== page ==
The clue to this surrender or presentation of the whole self to God as a living sacrifice (θυσίαν ζῶσαν), can be found in verse 2, where there are both a negative and positive imperatives. Negatively, Paul warns his readers against being conformed to the pattern of this world (Rom. 12:2a). This warning is apt, because frankly we are surrounded and pressurized by the culture of this world (age – τῷ αἰῶνι τούτῳ), as well as its evils, every day and in a multitude of ways. It is inconceivable that this relentless pressure does not have an effect on us, or on our thinking. It certainly does, and it is hard to stand against the conventional wisdom of the world on moral issues, when to do so leads to accusations of bigotry and intolerance. Western society has managed to brand Christians and Christianity as the new evil in the world, while making excuses for the violent and evil excesses of religious extremism half a world away. The pressure to “fit in” has led to new theories on grace (i.e. hyper-grace) and attempts to erase the line between Christianity and other religions (i.e. Chrislam), all in the name tolerance . Paul calls for a radical total surrender to God and for resistance to being “squeezed into the world’s mold.” Surrender to squeezing always leads to moral failure and alienation from God. So with the constant pressure to conform, it will take an iron resolve to stay true to God. This radical surrender is a way of drawing a line in the will and refusing to cross over, if it means compromising obedience to God.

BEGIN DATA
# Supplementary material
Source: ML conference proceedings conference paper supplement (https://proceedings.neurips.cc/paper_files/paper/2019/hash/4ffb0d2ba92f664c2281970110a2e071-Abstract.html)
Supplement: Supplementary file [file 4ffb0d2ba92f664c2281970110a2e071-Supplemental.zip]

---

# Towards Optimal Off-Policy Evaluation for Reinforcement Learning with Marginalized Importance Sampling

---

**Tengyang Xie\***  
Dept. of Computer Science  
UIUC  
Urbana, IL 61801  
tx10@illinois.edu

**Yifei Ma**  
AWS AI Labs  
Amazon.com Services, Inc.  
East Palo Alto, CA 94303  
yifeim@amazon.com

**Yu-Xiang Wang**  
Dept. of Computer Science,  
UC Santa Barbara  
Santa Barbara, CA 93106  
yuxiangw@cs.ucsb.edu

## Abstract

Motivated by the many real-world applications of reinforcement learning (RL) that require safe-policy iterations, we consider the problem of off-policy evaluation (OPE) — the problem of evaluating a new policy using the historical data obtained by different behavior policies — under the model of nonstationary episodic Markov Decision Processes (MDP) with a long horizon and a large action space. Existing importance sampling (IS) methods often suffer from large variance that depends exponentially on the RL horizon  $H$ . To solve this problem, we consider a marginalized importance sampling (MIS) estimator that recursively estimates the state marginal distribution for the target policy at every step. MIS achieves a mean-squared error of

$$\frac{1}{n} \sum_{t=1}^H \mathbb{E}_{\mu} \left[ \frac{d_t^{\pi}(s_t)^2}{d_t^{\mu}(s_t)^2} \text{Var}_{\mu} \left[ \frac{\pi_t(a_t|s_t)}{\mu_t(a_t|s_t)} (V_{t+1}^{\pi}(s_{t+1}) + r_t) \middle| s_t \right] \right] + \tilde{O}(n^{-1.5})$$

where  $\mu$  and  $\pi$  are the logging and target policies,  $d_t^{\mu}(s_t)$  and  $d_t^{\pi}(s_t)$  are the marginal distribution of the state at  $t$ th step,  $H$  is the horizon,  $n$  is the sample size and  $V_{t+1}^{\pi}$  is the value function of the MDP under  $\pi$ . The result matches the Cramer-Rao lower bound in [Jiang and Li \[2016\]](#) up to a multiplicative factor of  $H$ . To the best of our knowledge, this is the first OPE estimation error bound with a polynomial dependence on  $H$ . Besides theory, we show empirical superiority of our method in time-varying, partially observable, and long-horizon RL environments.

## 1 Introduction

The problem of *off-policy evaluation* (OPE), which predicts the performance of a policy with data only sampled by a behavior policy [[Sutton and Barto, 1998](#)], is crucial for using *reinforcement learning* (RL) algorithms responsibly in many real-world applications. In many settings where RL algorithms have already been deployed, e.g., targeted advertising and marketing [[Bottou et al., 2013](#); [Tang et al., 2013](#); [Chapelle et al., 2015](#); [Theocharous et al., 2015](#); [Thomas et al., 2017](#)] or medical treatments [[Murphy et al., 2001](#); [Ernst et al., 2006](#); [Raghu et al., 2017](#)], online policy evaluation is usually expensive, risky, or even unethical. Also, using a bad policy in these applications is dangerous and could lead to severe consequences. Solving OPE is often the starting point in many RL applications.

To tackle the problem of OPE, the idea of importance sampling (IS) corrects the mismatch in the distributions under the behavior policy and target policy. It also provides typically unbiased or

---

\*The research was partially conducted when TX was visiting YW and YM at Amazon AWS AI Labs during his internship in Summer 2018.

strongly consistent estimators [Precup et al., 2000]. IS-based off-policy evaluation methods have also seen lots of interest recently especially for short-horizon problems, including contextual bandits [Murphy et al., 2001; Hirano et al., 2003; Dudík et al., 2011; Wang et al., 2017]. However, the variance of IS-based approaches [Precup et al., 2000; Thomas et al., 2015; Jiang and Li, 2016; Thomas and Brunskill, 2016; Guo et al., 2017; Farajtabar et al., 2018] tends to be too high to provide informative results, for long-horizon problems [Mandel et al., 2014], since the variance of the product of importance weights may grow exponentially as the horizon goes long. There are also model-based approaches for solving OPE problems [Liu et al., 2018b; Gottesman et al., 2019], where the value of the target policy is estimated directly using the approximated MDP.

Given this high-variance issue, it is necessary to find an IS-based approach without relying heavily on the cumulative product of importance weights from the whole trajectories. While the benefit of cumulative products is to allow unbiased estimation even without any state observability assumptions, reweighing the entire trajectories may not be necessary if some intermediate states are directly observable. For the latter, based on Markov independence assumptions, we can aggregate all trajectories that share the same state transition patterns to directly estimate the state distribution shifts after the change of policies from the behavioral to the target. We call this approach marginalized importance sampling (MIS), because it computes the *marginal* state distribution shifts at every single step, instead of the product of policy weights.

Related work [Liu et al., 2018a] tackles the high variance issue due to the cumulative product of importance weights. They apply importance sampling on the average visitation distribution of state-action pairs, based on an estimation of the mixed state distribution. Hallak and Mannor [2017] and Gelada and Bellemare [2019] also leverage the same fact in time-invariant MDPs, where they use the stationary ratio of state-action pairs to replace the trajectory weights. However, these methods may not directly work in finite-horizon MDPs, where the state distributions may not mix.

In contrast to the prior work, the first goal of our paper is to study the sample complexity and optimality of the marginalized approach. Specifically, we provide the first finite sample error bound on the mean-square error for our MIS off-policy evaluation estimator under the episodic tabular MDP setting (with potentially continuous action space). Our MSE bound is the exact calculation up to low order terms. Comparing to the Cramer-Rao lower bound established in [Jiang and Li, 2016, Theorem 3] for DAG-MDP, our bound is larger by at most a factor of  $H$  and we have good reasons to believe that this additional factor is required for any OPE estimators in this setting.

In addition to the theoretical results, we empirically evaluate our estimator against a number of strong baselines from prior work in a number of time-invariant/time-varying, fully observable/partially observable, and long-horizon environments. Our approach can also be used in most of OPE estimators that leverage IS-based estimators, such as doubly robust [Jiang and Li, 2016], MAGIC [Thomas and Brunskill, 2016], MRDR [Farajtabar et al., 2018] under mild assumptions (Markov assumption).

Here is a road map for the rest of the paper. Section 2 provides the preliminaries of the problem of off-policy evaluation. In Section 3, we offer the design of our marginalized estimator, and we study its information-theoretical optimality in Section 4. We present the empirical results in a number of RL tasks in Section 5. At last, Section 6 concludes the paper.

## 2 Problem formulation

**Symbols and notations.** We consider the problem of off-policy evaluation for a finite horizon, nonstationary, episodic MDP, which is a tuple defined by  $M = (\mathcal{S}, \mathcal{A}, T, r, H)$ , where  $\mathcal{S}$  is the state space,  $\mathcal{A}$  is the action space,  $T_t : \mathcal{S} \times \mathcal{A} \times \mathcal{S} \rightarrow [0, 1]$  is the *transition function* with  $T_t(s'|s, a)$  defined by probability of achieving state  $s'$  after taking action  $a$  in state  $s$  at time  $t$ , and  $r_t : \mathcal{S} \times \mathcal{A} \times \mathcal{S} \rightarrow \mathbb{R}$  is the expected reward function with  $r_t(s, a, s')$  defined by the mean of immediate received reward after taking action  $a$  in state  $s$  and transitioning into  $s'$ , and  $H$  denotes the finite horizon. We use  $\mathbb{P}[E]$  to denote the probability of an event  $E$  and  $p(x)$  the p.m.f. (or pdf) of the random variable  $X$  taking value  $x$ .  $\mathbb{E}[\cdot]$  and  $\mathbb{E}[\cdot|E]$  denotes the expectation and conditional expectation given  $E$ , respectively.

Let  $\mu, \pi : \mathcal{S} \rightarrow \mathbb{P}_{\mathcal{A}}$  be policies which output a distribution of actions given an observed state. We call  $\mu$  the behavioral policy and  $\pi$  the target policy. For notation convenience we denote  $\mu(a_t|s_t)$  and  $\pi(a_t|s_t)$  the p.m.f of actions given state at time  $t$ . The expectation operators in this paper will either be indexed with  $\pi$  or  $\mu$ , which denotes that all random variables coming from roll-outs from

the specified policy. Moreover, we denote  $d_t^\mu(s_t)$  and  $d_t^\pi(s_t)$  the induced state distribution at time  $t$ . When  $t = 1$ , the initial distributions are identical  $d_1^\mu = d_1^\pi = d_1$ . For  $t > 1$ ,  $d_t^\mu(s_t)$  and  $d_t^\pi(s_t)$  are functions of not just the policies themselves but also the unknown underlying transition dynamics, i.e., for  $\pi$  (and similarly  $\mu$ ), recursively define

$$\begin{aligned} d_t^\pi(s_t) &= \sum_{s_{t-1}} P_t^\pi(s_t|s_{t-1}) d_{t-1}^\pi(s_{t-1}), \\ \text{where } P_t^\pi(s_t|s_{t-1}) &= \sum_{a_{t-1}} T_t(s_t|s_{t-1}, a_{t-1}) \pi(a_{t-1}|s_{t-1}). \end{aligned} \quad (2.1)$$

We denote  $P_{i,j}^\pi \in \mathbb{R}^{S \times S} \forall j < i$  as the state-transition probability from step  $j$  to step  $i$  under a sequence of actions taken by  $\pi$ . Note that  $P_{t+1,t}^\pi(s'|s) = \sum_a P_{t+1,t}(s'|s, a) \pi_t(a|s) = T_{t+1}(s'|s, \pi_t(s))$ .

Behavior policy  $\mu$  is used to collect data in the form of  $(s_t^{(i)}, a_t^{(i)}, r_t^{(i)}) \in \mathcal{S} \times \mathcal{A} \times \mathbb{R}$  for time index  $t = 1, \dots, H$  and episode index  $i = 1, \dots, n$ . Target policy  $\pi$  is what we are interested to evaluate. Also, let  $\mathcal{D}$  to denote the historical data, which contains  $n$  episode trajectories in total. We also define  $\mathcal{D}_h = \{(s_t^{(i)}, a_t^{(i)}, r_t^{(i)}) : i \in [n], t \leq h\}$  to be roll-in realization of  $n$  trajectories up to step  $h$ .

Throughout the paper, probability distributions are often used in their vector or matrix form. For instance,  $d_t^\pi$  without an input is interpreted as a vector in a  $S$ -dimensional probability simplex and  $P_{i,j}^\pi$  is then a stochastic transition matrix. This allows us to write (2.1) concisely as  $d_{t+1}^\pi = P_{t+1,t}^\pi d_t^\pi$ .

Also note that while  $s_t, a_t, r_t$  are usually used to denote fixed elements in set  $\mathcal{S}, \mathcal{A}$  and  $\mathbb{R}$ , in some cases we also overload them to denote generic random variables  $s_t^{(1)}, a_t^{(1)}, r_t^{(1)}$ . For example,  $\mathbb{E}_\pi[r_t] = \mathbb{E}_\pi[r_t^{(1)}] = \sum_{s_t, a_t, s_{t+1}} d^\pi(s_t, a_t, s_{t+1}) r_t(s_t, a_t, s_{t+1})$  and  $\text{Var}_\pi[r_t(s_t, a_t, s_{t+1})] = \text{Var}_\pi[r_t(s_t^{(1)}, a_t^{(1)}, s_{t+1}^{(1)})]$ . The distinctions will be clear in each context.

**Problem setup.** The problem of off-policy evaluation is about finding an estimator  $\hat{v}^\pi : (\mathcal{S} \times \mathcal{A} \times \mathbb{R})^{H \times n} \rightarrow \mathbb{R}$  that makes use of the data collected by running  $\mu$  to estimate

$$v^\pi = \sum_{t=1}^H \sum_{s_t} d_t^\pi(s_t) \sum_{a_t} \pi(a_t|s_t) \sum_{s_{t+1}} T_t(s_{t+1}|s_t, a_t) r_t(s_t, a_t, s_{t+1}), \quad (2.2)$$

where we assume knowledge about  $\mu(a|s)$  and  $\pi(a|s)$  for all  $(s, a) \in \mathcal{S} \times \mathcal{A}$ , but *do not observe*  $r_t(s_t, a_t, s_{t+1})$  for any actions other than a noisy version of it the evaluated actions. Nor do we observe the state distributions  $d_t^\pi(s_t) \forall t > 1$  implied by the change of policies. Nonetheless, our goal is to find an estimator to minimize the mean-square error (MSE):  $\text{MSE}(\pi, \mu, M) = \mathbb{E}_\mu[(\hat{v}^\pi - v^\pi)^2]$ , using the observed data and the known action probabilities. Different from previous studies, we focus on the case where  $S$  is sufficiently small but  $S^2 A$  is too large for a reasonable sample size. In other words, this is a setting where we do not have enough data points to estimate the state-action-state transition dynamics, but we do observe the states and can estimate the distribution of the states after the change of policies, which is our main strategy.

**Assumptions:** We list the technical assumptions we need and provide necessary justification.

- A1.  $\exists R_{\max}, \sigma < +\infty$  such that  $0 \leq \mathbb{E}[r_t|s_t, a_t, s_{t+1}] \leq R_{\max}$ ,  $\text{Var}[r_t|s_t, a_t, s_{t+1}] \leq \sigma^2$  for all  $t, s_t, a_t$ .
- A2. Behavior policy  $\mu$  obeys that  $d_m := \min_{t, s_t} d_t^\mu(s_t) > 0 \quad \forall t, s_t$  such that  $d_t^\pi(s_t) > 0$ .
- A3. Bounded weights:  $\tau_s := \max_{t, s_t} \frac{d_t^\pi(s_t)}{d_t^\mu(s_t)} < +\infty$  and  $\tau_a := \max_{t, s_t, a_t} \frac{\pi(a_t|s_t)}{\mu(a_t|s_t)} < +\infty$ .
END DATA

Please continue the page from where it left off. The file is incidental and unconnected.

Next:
Positively, Paul calls for the renewing of the mind. This renewing reflects a corresponding property to the conforming, which is the present tense (μεταμορφοῦσθε), meaning it is to be ongoing and continual (Rom. 12:2b). Furthermore, the transformation occurs by ongoing renewing or making new of the mind (τῇ ἀνακαινώσει τοῦ νοός) (instrumental dative). This can be viewed as an ongoing continual transformative renewal of the mind. One can only guess at the implications of this – prayer, worship, staying in the Word, service, commitment, faith, obedience to God, as the instruments of continual renewal and spiritual refreshment. The battle for the will occurs in the mind. It is the voluntary center of our human personality that is in play here. The radical moral and spiritual transformation that leads to declaring Jesus as Lord of our lives has certainly occurred at salvation, but there has to be a resolution with respect to how we will handle the pressure and constant assault of this world’s culture and sin. The thing is Paul calls for both a recognition of the danger and a baseline (surrender) from which to resist and overcome it through obedience to God. This renewing of the mind is also transformational. It is transformative of way we handle ourselves in the future, and how we cope with the counter pressures from the world going forward. It is a new way of thinking, in that it places God at the center of the decision making, rather than ourselves, and makes the promptings of the indwelling Spirit our guide, rather than the desires of the carnal nature.